E3 08: 11 ways Fallout 3 will kick Oblivion's ass

3. Twice as much going on
When Oblivion was being developed for the then-unfinished Xbox 360 and PS3, its designers didn't really have a firm handle on either system's capabilities or limitations. So while Oblivion was a staggering achievement, it also came with a host of minor problems, and now looks a little dated just two years after release. That won't be the case with Fallout 3, which - according to Bethesda - crams twice as much stuff onscreen as Oblivion did. There's more detail, more characters and creatures and generally more of everything, and the difference is as evident as the difference between these two screens:

Above: A landscape from The Elder Scrolls IV: Oblivion

Above: A landscape from Fallout 3

What's more, one of Oblivion's most irritating features - the interstitial loads that would briefly freeze the game when you were just walking through the countryside - are a thing of the past. You'll still be treated to brief loading screens when you're entering a dungeon or similar structure, but you won't be jarred out of the experience every five minutes as the game loads up a new set of textures.

4. More interesting places to discover
Ask yourself: When you're wandering through a virtual wilderness, do you relish the idea of stumbling onto interchangeable holes in the ground with names like "Anutwyll" and "Felgageldt Cave?" Or would you rather discover distinct, realistic locations that actually have a credible reason for being there?

During our brief time playing Fallout 3, we deviated from the obvious path (screw you, town of Megaton) and wandered around until the game announced we'd found the bombed-out ruins of Springvale Elementary School. It was inhabited by a few aggressive raiders, of course, but what left a lasting impression on us was how much it looked like a bombed-out school, right down to the weathered little desks that some little kids probably ducked and covered under during the nuclear apocalypse centuries before.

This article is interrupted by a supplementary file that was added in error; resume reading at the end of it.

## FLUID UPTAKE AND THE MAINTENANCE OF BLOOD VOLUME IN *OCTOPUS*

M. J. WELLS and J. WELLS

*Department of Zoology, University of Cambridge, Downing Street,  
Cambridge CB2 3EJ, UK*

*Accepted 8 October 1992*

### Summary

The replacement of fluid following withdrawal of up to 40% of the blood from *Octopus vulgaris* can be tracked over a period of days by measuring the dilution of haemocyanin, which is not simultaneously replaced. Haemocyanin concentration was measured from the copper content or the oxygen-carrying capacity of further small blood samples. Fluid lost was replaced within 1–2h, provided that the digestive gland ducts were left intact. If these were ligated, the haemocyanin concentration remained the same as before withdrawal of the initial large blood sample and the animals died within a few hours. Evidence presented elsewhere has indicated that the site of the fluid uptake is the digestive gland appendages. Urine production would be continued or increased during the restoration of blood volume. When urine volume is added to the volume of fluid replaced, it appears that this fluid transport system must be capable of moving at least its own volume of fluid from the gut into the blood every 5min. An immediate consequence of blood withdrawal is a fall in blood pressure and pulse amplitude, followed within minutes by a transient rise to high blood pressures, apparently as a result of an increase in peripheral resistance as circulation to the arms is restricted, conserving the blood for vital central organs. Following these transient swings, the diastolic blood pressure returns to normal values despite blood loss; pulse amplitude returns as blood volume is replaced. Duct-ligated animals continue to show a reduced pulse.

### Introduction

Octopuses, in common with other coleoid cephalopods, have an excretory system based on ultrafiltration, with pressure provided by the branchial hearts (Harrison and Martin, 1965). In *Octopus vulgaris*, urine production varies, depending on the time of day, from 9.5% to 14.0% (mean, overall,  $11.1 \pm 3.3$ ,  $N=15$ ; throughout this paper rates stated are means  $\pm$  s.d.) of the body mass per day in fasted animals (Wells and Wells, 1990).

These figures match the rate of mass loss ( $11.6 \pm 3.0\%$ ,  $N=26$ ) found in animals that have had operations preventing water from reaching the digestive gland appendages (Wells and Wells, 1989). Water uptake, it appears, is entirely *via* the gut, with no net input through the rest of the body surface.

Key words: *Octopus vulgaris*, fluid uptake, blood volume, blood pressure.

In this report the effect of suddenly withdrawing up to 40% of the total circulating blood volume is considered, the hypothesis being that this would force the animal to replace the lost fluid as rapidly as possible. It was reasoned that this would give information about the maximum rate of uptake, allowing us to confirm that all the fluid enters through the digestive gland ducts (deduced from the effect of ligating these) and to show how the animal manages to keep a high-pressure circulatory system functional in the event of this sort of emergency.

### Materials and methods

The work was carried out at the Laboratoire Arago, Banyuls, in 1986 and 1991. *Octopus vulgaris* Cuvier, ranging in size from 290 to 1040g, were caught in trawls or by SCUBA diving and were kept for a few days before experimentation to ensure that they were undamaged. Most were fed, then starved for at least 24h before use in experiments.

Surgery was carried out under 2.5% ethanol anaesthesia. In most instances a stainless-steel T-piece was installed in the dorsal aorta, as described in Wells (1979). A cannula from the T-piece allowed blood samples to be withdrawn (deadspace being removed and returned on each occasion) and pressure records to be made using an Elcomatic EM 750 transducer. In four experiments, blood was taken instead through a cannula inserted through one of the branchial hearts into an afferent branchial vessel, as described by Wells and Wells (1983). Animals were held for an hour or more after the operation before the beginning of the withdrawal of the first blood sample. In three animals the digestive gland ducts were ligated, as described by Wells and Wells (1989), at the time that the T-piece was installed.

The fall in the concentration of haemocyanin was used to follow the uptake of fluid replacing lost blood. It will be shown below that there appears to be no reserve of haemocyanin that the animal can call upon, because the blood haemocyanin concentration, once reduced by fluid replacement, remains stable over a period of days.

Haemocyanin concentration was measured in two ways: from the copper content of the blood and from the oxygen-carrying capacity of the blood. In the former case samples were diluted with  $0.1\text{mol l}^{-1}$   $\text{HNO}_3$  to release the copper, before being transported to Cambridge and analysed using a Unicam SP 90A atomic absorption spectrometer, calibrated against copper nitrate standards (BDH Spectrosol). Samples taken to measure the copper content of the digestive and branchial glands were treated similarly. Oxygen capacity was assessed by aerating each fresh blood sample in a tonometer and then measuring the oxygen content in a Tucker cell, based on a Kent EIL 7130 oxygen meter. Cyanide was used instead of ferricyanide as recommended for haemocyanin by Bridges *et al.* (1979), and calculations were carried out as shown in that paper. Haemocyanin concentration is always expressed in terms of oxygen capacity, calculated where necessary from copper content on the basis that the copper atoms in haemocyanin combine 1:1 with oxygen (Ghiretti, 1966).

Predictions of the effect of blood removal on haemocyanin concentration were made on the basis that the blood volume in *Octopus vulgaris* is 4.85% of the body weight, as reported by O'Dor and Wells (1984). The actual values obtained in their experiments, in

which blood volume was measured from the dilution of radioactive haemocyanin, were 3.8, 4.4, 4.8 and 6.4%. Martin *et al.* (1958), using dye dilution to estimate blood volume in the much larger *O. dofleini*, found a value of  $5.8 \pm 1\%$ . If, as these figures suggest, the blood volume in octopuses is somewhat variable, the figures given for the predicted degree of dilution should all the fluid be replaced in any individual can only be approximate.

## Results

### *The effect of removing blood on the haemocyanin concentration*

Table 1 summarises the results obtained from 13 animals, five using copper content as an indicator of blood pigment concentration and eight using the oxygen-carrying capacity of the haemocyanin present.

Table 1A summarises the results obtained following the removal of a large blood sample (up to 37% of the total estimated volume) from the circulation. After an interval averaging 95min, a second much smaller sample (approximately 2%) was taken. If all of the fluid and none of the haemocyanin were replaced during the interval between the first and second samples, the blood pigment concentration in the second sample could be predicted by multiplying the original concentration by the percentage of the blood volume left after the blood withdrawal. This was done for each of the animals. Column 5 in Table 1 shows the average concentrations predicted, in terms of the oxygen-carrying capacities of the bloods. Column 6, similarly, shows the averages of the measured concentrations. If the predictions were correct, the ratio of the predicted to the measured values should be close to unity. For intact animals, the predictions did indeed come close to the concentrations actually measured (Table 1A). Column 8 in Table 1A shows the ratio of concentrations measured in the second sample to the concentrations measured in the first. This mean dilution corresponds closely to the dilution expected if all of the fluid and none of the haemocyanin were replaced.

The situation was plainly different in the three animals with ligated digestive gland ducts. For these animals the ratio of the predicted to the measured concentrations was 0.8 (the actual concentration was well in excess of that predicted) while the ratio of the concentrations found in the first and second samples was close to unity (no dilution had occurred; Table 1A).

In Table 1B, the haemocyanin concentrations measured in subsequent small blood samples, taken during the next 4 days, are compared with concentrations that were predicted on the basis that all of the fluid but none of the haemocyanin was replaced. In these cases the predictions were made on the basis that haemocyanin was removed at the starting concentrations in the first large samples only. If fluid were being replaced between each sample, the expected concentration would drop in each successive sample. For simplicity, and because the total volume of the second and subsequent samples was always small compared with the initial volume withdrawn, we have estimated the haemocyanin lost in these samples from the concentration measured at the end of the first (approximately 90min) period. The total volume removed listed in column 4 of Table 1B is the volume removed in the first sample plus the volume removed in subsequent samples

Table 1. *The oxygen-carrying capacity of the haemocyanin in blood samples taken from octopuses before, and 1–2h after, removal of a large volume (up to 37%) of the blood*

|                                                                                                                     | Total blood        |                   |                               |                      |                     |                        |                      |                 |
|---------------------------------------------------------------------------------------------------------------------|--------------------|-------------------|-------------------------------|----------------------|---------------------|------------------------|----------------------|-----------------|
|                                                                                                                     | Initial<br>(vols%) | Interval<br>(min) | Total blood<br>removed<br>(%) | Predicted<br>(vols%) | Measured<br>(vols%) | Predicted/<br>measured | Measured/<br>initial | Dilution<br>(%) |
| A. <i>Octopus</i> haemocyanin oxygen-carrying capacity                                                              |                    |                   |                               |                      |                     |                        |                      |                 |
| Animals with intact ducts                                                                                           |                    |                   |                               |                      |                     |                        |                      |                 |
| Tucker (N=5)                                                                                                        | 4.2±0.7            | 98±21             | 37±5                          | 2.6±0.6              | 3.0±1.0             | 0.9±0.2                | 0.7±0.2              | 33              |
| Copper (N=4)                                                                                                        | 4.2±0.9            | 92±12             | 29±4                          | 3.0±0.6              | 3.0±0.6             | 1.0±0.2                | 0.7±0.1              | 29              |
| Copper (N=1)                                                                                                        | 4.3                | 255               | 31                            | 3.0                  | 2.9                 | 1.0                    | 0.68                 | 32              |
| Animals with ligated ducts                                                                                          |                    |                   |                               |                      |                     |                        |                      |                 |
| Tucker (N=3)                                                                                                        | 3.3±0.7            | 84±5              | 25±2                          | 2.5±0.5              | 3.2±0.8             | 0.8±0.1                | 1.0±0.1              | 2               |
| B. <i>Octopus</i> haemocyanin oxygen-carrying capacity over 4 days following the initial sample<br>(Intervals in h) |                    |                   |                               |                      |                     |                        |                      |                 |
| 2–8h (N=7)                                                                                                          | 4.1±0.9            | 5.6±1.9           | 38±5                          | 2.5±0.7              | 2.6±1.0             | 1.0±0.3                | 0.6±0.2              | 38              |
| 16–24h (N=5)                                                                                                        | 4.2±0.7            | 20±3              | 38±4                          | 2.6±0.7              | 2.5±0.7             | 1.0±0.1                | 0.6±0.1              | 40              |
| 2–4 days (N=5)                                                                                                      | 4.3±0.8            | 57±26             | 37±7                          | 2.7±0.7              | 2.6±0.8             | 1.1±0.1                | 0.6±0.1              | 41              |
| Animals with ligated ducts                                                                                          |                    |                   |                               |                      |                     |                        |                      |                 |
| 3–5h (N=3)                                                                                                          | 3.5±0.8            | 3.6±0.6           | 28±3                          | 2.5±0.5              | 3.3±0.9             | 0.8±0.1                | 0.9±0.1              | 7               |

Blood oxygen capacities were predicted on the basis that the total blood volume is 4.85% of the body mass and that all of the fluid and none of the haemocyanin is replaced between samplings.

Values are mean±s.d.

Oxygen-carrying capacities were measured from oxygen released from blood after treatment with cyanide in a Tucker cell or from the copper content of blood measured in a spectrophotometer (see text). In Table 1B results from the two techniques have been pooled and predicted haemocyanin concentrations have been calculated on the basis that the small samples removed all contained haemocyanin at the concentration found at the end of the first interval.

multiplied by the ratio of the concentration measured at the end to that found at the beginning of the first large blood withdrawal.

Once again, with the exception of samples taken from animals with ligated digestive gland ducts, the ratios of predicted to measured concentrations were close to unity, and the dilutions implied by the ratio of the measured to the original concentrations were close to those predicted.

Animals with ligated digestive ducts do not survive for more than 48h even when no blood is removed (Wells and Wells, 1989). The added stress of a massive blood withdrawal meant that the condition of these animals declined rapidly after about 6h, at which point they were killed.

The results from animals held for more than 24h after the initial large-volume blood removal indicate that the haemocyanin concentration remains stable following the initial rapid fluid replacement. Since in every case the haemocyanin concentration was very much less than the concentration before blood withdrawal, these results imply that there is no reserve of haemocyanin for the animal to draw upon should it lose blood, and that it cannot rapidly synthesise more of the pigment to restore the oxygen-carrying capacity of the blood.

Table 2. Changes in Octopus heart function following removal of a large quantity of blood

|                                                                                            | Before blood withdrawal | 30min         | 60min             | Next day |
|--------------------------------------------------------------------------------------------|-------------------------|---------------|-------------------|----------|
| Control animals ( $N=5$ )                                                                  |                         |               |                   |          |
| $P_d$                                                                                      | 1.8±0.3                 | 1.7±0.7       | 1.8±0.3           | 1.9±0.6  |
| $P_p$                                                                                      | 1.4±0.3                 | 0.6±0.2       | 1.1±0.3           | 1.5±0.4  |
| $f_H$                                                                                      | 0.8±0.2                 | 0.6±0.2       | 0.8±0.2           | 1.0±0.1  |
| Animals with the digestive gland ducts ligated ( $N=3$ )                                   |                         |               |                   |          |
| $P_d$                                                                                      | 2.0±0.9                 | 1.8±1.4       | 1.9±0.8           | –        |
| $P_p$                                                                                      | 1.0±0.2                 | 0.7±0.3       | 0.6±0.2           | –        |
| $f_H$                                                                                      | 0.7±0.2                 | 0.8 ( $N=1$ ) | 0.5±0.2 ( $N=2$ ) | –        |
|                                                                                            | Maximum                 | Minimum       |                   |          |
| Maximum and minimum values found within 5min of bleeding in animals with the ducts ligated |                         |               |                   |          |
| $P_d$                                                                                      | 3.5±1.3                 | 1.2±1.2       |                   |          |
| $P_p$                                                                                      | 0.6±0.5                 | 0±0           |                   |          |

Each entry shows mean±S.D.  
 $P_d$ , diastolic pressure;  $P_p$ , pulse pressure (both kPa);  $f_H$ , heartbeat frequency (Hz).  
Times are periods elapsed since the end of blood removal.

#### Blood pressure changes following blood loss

The same level of detail was present when we wandered a little further and found the Super Duper Mart, a mostly intact supermarket complete with working vending machines (which dispensed radioactive drinks) and wrecked shopping carts. Unfortunately, it had also been taken over as a haven for vicious wasteland raiders, who'd hung the mutilated corpses of the last people to mess with them out in front of the place as a warning.

As we entered the market and systematically dismembered the raiders with hot lead, we marveled at how believable the place was - even through the wreckage, squalor and darkened gloom, the Super Duper Mart was laid out just like any supermarket we've ever been to. Yes, it's to be expected, even in a game with Fallout 3's scope - but it's still a hell of a lot more fun to explore the familiar-looking ruins of American civilization than it is to delve into yet another dungeon that's nearly identical to the last one.

5. Realistic lockpicking
For would-be thieves crawling through Oblivion's cities, lockpicking quickly became second nature. This was mainly because all you needed to do was bounce a series of tumblers until you heard a tell-tale sound, which told you when each one was ready to click into place. With Fallout 3, you won't have it so easy. No, this is a modern wasteland, filled with modern locks, and daintily bouncing cylinders up and down like a shrieking ballerina just isn't going to cut it anymore.

Above: Oh man, just look at all the stuff you can unlock in this screen

Instead, you'll have to jam a screwdriver up in there before poking around inside it with a hairpin, all while (on the console versions, anyway) using the controller's vibrations as a guide for how well you're doing. Hit the right angles with the screwdriver and pin, and you'll pop the lock - but just like in Oblivion, lockpicks are fragile, and these will break if you're not careful. Still, though - at least now there's challenge to it.

6. Actual dialogue replaces conversation wheels.
Yeah, dialogue trees aren't a revolutionary way to converse with people in games, but they at least beat the hell out of just clicking on a list of conversation topics - or worse, manipulating a big wheel that forces you to joke with, boast to, coerce and flatter someone all in one brief "conversation."

If nothing else, it's nice to be able to actually choose how you respond to another character, instead of just following a rote series of sterile questions.